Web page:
Patient Stories


Eugene Richardson: One Man's Journey of Neuropathy

His nightmare began in 1969 – one year after leaving the Vietnam War. Symptoms of autonomic neuropathy affected his breathing with upper body paralysis that brought him to his knees and affected other parts of his body; mysterious chest pains, unexplained silent tachycardia, urinary and digestive problems.

An Army officer, he struggled for 10 years with severe electric shocks that began, uncharacteristically, in his upper body. Occasionally the symptoms would disappear and he would think the nightmare was over but it was not to be – the cycle would always begin again. The loss of stamina and periods of total exhaustion – the perception by others that it must be psychological – left him unable to continue. His distinguished military career came to a screaming halt. With medical records that contain many negative comments about his condition and his cycle of pain, he retired from the Army in 1987. His dream was over and he hoped his nightmare would go away!

Still reeling from the circumstances of his retirement, he began working in operations for retirement homes and services for the aging in Florida. For 14 years he held his head high, managed to keep smiling, and performed his work with distinction, becoming a VP while avoiding those who felt his continuing cycle of symptoms was due to his inability to ‘handle stress.’

By 1999, his condition made breathing and speaking simultaneously very difficult; his skin was so sensitive that he would scream when sheets or clothing touched him. Walking became difficult due to the transient paralysis of his legs and he used a wheelchair off and on; it was difficult to stand because of the bone pain and it was too painful to even sit.

For thirty years his doctors kept saying, “All tests are normal.” The electric shocks slowly spread from his left arm and scapula to his other arm, his feet, legs, and eventually to every part of his body – decades of torture. Eventually, the periods of temporary paralysis and other major system failures made working impossible; he was forced to retire again in 2000. He was convinced, “I had descended into hell.”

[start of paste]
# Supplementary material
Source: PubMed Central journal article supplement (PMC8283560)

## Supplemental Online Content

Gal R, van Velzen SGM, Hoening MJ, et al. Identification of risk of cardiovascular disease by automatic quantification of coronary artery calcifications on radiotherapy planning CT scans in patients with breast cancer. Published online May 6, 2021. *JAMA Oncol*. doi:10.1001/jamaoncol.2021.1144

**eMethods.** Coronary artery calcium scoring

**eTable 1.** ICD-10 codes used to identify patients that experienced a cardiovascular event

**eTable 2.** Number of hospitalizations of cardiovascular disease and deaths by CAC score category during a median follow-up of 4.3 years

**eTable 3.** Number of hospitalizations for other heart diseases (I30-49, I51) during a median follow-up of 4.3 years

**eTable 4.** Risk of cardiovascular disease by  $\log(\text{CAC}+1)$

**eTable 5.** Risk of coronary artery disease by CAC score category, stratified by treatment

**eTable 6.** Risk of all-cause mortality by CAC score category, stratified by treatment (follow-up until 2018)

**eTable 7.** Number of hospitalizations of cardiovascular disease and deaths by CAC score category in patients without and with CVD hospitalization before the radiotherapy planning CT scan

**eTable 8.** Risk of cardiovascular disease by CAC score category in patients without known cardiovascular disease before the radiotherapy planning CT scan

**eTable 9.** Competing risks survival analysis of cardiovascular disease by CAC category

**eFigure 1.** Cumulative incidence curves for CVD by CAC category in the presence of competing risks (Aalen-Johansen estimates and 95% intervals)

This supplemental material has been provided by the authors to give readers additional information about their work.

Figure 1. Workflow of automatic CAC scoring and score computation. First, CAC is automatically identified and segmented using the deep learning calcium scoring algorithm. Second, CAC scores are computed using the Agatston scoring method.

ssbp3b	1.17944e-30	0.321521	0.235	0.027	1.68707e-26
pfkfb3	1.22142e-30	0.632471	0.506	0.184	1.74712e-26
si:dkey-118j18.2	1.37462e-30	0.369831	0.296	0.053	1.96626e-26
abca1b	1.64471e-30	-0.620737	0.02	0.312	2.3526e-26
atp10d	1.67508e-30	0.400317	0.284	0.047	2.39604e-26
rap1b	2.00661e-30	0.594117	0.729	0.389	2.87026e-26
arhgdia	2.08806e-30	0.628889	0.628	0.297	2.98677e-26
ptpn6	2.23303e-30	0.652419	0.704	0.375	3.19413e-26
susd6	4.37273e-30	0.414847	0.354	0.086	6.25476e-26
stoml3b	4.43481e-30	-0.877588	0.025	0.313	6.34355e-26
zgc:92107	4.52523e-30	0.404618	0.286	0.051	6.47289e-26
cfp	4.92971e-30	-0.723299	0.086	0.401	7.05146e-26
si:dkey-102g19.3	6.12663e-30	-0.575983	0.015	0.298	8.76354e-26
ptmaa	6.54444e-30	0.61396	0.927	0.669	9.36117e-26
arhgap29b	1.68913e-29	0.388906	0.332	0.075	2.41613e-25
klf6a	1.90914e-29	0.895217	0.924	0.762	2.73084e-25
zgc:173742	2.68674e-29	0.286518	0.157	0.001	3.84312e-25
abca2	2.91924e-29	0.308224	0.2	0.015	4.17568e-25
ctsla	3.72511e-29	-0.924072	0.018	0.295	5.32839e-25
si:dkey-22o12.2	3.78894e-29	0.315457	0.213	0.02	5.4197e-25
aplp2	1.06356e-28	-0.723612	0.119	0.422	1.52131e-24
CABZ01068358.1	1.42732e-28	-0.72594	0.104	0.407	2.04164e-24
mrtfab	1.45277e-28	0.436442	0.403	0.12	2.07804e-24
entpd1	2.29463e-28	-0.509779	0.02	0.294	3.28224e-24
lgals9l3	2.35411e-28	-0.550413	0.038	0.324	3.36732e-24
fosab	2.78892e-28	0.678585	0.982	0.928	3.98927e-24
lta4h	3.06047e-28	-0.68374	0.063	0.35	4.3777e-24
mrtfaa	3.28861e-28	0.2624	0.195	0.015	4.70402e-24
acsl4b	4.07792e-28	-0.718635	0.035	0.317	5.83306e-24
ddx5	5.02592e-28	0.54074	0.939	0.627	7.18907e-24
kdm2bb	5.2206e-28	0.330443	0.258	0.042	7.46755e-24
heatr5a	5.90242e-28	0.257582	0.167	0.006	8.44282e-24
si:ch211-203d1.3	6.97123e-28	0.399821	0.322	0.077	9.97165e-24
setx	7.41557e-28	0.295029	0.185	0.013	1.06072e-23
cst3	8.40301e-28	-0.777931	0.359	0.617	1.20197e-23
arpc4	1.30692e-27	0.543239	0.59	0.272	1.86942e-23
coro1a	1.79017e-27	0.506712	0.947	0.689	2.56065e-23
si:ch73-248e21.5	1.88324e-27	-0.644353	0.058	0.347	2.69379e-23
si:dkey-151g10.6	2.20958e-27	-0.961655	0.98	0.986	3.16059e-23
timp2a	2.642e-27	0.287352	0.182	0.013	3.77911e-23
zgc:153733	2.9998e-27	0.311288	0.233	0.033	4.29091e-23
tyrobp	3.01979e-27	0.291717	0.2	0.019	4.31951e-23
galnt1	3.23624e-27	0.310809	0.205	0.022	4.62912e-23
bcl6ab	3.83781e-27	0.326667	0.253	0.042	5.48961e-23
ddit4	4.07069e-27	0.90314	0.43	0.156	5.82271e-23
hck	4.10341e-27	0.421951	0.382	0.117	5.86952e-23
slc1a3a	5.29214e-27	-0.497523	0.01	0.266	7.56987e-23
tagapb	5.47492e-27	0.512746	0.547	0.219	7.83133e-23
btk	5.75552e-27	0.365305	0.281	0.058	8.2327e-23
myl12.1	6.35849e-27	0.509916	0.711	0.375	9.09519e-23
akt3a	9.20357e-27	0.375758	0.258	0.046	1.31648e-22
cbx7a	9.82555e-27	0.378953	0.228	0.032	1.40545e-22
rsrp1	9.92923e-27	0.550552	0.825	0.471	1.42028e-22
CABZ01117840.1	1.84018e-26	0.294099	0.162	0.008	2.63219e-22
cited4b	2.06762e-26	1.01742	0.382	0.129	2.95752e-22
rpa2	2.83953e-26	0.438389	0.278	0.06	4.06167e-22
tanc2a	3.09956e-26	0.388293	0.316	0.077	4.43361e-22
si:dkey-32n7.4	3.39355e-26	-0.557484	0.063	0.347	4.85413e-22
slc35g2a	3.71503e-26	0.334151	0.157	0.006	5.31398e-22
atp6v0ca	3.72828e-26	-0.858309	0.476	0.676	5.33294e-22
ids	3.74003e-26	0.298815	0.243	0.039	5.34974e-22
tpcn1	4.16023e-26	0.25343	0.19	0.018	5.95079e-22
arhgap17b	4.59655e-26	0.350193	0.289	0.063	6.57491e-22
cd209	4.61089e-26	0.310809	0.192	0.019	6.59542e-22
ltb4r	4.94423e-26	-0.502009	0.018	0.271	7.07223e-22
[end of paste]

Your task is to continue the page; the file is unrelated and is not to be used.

Objective tests that same year confirmed significant damage to his peripheral nervous system even though, unbelievably, some experts were still denying the reality of his symptoms. He felt medically isolated and psychologically devastated. He began receiving gamma globulin treatments (IVIg) in April 2004 and has had positive results. He receives this infusion every twenty one days.

By 2005 his extensive medical history and continued testing confirmed autonomic neuropathy – challenging decades of denial by experts in the medical system. In 2007, his neurologists told him that he had small and large fiber neuropathy. With all other causes of his neuropathy ruled out by medical testing, he was told in 2009 that there was an “extremely high probability that his current diagnosis and medical condition is due to a toxic polyneuropathy because of exposure to Agent Orange in Vietnam.” He wants to know what took them so long.

On January 7, 2010, Veterans Affairs finally confirmed a total permanent service connected disability. Lt. Col. Eugene Richardson, USA Retired, has spent 42 years living, and coping, with the symptoms of his progressive neuropathy and the devastation of Agent Orange. Richardson believes help should have come sooner. How? MORE research, MORE awareness and MORE medical training.

Lt. Col. Richardson holds a Masters of Education and a Masters of Science in Counseling and, with 35 years of counseling experience, he uses his vast knowledge and experience to provide straight answers and insight to those suffering with any form of neuropathy. He leads neuropathy support groups in Florida and teaches a seminar, “Coping with A Chronic Neuropathy,” that is endorsed by board certified neurologists at major universities. He is an advocate for neuropathy patients and veteran issues, working tirelessly around his disabilities while continuing to learn more about the relationship of Agent Orange to neuropathy.

We are pleased to announce that Lt. Col. Richardson will be contributing to our Foundation publications. He will focus on patient insights into neuropathy and what has been learned in the face of many challenges. He encourages patients to become partners with their health care providers, learning all they can about their condition.

His column is intended to be educational and informational ONLY and not medically diagnostic or prescriptive.

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